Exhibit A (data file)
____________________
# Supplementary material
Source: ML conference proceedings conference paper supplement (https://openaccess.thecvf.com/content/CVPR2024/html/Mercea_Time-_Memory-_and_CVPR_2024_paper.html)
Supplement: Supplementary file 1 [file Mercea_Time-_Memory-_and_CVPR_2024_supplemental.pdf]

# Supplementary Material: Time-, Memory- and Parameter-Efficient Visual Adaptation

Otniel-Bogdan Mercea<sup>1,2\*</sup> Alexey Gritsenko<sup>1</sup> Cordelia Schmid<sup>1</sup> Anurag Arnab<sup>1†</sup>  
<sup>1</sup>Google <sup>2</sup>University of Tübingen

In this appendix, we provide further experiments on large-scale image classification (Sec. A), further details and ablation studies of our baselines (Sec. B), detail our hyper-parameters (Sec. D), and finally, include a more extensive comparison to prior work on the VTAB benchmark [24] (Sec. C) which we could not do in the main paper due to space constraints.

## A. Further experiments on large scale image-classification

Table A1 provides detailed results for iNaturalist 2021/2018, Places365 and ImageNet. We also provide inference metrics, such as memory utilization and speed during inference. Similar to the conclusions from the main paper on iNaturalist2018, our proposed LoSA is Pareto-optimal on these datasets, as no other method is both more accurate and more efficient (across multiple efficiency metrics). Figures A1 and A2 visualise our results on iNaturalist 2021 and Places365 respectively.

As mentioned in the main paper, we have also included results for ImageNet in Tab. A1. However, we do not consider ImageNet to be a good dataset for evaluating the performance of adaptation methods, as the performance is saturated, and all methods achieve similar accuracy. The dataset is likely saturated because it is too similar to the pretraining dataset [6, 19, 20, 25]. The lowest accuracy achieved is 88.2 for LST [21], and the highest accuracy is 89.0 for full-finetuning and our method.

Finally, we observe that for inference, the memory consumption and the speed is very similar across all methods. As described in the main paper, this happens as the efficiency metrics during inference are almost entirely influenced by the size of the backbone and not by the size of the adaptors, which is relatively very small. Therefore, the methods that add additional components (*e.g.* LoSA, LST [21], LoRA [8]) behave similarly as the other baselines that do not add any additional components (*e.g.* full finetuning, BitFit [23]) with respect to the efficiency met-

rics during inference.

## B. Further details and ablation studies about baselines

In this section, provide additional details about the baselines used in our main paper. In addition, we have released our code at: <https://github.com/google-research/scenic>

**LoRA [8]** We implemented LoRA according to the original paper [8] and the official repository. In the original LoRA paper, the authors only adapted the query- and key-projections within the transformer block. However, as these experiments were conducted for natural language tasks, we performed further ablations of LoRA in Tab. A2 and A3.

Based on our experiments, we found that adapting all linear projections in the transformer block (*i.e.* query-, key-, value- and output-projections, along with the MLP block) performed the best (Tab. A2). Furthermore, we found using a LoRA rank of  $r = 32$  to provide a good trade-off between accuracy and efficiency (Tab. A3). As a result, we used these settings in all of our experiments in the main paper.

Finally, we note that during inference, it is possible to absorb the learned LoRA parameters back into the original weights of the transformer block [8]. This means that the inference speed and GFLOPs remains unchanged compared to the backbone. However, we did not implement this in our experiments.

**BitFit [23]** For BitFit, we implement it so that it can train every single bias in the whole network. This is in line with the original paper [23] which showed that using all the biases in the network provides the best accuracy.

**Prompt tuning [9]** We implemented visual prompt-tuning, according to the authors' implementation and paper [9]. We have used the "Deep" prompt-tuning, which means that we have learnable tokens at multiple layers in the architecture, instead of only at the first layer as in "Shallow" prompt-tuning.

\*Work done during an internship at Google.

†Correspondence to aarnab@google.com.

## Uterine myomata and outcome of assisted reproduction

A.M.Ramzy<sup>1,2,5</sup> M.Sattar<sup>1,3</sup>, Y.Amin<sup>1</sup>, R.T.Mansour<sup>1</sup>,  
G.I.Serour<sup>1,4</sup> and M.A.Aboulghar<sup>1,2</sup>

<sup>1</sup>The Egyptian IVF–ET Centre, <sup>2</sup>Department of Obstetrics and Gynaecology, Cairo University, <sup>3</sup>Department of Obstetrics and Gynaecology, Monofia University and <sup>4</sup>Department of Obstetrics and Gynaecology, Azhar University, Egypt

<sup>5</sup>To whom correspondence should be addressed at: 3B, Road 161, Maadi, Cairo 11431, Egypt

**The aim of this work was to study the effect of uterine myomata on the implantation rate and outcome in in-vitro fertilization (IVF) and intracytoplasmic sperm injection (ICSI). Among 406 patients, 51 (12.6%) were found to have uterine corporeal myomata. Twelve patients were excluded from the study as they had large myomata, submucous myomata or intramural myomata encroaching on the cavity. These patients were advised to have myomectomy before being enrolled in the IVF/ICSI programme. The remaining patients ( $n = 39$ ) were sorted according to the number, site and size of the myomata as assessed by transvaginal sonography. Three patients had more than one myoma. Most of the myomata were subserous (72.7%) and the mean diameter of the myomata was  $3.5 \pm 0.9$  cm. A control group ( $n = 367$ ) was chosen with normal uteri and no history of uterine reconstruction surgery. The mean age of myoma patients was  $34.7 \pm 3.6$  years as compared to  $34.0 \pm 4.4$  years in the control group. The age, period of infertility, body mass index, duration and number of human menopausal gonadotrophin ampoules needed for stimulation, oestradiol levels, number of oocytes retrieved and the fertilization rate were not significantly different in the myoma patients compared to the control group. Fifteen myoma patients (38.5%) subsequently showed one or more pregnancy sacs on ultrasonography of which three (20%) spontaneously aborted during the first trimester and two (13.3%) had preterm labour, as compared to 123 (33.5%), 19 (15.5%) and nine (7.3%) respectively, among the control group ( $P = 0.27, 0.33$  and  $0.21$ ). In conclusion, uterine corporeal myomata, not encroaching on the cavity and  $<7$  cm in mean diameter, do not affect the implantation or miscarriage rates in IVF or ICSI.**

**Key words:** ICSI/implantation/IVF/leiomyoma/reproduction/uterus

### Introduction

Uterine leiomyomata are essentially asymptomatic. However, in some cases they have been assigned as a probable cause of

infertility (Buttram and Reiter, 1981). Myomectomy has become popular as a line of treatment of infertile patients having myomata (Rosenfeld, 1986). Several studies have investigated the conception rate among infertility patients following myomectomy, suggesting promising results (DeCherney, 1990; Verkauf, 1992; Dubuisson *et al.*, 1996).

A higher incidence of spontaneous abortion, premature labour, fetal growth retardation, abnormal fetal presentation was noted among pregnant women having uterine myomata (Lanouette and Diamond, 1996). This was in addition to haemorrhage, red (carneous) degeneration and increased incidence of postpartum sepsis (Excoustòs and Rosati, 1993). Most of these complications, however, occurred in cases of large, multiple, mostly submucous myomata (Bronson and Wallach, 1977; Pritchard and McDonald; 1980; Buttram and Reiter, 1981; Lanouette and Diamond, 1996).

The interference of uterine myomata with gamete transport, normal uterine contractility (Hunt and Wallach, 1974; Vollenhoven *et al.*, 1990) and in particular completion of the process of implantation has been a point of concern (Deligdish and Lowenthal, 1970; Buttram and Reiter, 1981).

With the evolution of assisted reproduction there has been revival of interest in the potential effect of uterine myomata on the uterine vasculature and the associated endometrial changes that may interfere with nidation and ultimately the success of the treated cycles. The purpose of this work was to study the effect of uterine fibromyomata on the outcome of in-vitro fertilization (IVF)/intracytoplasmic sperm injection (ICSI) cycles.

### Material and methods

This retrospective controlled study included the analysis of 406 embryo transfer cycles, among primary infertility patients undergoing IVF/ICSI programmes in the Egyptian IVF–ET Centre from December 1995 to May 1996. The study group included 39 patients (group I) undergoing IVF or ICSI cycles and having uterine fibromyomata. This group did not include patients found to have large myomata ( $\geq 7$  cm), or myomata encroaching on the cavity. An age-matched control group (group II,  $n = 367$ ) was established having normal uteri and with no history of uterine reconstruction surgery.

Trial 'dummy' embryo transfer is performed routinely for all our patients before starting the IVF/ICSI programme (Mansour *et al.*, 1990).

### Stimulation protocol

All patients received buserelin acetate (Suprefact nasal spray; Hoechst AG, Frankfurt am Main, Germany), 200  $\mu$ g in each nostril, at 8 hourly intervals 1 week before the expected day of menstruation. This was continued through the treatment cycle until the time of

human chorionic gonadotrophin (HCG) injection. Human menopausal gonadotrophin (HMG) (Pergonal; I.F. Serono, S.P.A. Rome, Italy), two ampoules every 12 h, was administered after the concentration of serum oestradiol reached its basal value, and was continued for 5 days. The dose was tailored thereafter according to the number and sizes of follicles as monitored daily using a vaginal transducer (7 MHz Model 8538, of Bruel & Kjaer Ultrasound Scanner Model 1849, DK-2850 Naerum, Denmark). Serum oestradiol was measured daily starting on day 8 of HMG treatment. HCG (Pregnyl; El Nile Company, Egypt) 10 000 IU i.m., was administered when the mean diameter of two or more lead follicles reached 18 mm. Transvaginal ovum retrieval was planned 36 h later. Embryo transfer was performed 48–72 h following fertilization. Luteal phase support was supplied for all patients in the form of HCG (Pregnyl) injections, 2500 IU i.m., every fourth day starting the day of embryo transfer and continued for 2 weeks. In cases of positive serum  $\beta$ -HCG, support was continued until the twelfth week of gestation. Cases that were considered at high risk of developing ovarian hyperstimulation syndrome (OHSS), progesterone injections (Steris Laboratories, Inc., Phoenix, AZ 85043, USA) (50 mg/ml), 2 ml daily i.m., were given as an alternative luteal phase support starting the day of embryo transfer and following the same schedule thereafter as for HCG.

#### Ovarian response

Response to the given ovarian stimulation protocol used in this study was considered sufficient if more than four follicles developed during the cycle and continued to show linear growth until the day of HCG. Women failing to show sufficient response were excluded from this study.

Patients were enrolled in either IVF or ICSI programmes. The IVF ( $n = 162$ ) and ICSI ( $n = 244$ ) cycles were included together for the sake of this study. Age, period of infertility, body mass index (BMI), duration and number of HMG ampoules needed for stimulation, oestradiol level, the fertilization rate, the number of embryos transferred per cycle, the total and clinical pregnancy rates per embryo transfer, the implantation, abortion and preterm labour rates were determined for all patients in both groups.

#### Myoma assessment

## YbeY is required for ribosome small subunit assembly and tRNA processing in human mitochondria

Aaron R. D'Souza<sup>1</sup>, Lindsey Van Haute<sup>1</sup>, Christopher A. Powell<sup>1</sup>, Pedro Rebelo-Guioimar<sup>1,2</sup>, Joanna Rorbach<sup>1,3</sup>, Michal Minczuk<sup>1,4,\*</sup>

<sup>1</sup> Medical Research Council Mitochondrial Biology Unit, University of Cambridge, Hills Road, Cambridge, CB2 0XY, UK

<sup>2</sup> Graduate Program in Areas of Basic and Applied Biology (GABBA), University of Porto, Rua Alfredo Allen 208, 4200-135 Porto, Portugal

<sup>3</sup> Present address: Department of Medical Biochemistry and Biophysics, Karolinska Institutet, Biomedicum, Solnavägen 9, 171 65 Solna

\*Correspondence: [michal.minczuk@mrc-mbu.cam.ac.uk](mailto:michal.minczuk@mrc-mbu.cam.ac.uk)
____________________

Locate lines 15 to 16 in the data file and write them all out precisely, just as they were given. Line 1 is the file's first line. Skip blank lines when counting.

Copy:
**LoRA [8]** We implemented LoRA according to the original paper [8] and the official repository. In the original LoRA paper, the authors only adapted the query- and key-projections within the transformer block. However, as these experiments were conducted for natural language tasks, we performed further ablations of LoRA in Tab. A2 and A3.

Based on our experiments, we found that adapting all linear projections in the transformer block (*i.e.* query-, key-, value- and output-projections, along with the MLP block) performed the best (Tab. A2). Furthermore, we found using a LoRA rank of  $r = 32$  to provide a good trade-off between accuracy and efficiency (Tab. A3). As a result, we used these settings in all of our experiments in the main paper.